Speech-recognition technology could soon — finally — get its moment in the sun. Democratic senators last week introduced legislation that would require states to ban texting and e-mailing while driving or risk losing 25 percent of their annual federal highway funding. The move came on the heels of a study from the Virginia Tech Transportation Institute that found texting while driving increases the risk of an accident 23-fold.
While I’m generally skeptical of legislation that protects us from ourselves, the evidence supporting such a ban is pretty compelling. And there’s every chance that the bill — or something like it — will eventually pass: The nation’s largest carrier supports federal legislation against texting and driving, and the effort is getting plenty of support in the mainstream media and other outlets.
Fourteen states and Washington, D.C. already ban texting and mobile e-mailing behind the wheel, and financial pressure from the feds would surely bring most — if not all — of the other states to heel. Such a move would throw open the doors for speech-recognition technology, which presumably could allow drivers to check their messages legally, without ever touching their handsets.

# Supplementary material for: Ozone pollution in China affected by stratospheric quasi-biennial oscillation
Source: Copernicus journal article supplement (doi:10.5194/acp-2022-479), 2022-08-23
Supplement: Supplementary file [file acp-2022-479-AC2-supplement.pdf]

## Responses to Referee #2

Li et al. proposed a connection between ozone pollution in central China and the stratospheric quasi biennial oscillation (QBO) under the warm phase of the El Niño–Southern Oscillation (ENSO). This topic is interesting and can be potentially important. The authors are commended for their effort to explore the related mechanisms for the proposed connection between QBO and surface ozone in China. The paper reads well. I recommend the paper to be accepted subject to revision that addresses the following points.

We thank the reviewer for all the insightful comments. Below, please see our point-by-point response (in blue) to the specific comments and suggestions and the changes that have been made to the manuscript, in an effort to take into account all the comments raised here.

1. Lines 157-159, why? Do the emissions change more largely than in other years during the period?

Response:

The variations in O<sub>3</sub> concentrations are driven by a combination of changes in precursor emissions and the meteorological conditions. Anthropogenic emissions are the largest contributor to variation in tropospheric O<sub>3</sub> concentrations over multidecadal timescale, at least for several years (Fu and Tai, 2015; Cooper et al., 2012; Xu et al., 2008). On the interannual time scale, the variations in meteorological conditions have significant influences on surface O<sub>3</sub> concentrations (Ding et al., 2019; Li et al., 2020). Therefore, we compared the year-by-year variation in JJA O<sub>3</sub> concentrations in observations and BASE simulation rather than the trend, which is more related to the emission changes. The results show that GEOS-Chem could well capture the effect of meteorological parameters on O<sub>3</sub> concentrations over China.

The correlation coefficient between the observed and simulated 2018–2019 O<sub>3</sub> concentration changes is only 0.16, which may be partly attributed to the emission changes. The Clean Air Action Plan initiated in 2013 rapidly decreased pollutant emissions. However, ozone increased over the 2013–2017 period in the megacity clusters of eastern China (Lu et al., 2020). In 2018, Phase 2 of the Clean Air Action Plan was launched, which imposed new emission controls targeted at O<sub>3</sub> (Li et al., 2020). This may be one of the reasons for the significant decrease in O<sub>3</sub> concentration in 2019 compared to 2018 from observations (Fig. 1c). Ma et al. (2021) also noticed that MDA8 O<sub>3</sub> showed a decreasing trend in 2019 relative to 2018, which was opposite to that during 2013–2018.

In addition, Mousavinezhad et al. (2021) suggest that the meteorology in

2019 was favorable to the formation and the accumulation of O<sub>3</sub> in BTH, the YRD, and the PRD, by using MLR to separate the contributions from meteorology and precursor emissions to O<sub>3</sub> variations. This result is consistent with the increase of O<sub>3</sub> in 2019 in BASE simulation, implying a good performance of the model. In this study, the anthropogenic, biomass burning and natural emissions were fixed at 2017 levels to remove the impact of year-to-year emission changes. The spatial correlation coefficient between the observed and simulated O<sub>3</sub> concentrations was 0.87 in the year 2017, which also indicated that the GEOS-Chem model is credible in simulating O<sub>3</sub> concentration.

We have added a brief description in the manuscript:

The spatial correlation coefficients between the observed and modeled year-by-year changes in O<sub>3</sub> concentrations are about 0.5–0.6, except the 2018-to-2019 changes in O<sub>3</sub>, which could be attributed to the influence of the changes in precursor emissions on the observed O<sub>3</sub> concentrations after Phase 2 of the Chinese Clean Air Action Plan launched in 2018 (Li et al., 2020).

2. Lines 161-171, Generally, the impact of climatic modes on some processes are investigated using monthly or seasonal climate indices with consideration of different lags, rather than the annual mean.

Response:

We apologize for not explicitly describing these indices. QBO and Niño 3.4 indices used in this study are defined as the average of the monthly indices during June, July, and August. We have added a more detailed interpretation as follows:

In the meantime, Apple is throwing its weight behind speech navigation with Voice Control, which enables users to make calls and control other iPhone 3G S features by speaking rather than typing, and is showcasing it with TV spots.
That kind of functionality is nothing new, of course. I bought my first speech-enabled phone about a decade ago, and plenty of users have grown accustomed to making calls by talking to their phones instead of scrolling through contact lists. Apple’s marketing acumen, though, is likely to push voice navigation into the mainstream much the way it has enlightened users that they can browse the web, share images and find local businesses on their handsets — despite the fact that these use cases had existed for years before the iPhone made its debut.
Speech-recognition technology isn’t perfect, of course, as any test drive of even the latest offerings will demonstrate. But I think voice navigation will play a huge role in mobile data consumption in the next few years. The key for carriers, app developers and other players will be introducing the functionality in ways that maximize simplicity and minimize the risk of failure (and the consequential user frustration). Voice navigation should be intuitive and well-integrated, but — given the shortcomings that still plague the technology — shouldn’t be oversold as a surefire way to turn spoken words into text.
Whether they come courtesy of a corporate marketing campaign or federal legislation, the opportunities for developers of speech-recognition technology have never been better.
Related Briefing: How Speech Technologies Will Transform Mobile Use (July 2009)